SG: How is it to work with best friends? I can hear the inside jokes and laughing from here – how important is that dynamic to your work?
MS: It is a very interesting experience. I learned a lot about friendship by observing and capturing it. The women I photograph are not my friends (some became friends after photographing, though). Often they are strangers to me, so it creates a strange and interesting dynamic as I feel like a third wheel. I think the images would look different if my own friends were the models, for instance. With “ODE,” I can observe and explore friendship from the perspective of a bystander. I am an outsider of this specific bond which helps me to capture it differently.
SG: I notice a lot of lines in your compositions, whether it’s the lines of the basketball court, poles nearby, or curbs/edges of buildings and objects. Is that something you incorporate in your shooting or is that an element that makes you select these images over others?
MS: I honestly can’t help it, haha. I feel very attracted to specific spaces where I can see a composition happening. Sometimes an environment can lead me; a shadow on the pavement can inspire a body position. It’s just how I see the world, even when I walk around the city without my camera, and I think it comes back in all my images.
SG: What does this body of work mean to you? Why do you think it’s important to share the work in progress?
MS: I hope that with “ODE,” I can offer a new, in-depth perspective on female friendship and its importance. I think there is often too much negativity when female friendship is represented and therefore making this work even more important to me. I’ve been amazed by women’s power and togetherness my whole life and continue to be so. Especially the bond and connection that I often feel and see between women is so significant. It struck me that this bond is often represented in (popular) media as ‘toxic,’ dramatic, or hostile. Or there is no attention for female friendship at all. I wanted to create a document of photographs that would show a different side of friendship without losing honesty. I have also been very curious to explore female friendship dynamics and capture what that may look like.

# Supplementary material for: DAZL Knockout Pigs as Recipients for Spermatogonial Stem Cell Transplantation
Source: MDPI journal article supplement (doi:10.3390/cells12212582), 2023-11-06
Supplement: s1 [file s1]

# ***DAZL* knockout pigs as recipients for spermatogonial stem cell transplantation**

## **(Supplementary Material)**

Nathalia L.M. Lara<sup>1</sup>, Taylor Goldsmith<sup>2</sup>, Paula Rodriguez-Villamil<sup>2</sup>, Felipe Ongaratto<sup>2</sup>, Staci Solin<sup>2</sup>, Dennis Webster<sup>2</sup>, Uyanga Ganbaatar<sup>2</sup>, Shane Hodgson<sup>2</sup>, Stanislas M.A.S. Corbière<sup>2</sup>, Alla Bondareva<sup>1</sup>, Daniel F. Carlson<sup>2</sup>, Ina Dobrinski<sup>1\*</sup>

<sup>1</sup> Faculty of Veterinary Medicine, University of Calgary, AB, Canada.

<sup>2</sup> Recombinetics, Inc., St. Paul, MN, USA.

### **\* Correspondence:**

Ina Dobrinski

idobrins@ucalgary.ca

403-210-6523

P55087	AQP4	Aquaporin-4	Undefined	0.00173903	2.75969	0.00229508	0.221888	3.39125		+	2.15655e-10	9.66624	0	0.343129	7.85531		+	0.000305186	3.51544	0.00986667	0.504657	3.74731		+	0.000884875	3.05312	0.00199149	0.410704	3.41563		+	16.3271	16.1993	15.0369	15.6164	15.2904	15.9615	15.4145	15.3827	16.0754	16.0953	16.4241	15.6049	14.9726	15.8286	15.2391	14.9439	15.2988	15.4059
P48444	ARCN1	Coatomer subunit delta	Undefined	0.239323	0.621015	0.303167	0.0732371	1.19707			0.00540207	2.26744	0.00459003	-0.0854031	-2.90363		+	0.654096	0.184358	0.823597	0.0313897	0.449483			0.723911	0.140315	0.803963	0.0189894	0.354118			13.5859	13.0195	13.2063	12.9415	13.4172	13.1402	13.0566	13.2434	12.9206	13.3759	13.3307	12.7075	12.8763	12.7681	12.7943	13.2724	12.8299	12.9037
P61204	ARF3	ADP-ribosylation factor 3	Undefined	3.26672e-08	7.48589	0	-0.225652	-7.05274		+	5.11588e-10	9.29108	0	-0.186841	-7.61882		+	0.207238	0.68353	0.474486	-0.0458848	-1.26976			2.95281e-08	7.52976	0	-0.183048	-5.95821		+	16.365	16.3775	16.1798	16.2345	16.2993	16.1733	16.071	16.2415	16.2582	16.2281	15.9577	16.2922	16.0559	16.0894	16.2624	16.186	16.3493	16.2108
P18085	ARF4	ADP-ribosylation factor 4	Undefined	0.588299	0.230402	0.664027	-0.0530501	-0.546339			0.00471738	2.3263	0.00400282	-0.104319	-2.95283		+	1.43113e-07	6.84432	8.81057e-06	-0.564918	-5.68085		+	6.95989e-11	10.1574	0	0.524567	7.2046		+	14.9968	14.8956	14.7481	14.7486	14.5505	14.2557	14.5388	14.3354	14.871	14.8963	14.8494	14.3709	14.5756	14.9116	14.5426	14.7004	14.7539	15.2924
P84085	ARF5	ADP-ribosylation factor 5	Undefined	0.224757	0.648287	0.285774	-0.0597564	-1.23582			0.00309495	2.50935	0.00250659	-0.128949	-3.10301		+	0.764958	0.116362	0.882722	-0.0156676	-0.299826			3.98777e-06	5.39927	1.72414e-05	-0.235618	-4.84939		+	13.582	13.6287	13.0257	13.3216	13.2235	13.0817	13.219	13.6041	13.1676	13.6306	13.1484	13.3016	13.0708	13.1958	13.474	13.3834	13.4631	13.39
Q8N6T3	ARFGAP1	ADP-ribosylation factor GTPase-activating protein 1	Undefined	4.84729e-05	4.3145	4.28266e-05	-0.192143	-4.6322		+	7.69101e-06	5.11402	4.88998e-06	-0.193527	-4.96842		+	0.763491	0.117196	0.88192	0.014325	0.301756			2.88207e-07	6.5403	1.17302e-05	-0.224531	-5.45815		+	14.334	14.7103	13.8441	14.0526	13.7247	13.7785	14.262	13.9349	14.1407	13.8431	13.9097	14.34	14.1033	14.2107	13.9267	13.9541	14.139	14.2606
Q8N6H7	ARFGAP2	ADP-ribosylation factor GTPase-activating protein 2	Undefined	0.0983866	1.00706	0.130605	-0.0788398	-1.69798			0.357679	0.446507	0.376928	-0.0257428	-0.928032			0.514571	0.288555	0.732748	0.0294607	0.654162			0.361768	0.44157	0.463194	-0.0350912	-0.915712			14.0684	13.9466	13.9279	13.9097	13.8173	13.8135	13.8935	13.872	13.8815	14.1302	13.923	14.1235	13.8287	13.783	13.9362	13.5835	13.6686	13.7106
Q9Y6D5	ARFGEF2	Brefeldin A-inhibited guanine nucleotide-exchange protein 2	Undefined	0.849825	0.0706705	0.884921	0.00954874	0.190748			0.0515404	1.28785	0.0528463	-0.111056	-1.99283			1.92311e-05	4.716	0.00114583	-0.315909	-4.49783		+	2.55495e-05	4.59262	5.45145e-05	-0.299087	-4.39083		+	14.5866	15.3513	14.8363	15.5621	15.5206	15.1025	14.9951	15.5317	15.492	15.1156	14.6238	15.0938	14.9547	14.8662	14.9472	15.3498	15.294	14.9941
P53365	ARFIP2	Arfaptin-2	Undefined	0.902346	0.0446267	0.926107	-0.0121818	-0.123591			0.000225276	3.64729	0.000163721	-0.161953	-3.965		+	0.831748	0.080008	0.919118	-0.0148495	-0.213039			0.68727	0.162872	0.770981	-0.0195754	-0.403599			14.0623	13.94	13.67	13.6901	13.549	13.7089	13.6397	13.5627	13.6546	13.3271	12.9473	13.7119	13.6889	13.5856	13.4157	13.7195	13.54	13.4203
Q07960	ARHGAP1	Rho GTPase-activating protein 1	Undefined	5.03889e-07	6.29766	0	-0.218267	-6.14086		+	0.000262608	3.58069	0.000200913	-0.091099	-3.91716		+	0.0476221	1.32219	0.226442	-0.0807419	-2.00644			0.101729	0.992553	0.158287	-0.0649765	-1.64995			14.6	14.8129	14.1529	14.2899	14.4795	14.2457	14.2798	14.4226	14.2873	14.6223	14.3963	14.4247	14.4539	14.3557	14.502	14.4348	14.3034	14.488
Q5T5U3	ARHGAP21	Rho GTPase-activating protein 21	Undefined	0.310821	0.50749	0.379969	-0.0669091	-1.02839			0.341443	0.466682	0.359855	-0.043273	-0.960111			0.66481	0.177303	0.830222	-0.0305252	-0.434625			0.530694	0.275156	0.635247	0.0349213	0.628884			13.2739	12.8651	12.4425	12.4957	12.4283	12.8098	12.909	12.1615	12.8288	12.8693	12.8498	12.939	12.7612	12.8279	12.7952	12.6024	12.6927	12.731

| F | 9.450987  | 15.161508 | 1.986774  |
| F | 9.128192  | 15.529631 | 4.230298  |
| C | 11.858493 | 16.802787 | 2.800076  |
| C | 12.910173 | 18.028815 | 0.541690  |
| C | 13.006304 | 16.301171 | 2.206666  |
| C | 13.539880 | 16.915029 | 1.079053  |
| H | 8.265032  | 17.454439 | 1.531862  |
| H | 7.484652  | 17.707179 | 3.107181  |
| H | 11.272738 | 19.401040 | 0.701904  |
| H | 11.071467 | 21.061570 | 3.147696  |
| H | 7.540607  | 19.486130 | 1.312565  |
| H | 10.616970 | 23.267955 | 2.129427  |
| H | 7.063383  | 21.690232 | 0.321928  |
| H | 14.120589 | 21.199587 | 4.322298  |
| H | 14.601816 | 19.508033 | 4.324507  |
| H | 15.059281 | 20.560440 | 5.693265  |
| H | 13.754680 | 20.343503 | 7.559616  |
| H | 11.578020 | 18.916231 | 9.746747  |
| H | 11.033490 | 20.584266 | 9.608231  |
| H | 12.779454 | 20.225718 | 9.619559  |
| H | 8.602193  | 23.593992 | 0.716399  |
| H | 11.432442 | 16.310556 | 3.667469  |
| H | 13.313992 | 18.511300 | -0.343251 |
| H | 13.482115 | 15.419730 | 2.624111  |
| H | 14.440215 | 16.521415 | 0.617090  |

I think it’s crucial to share works that are not completed yet. For me, it can take years to finish a project, but I make sure to show every step of the way. I think it keeps me ‘on top’ of the work, but I also feel that it shows mistakes and failures too. And I also like to get people’s reactions while the work is still in process; it is so valuable to discuss it and converse about it while the process is still going.
SG: What have you learned as a photographer since we last spoke? And how has your work on “The City is a Choreography” impacted this body of work so far?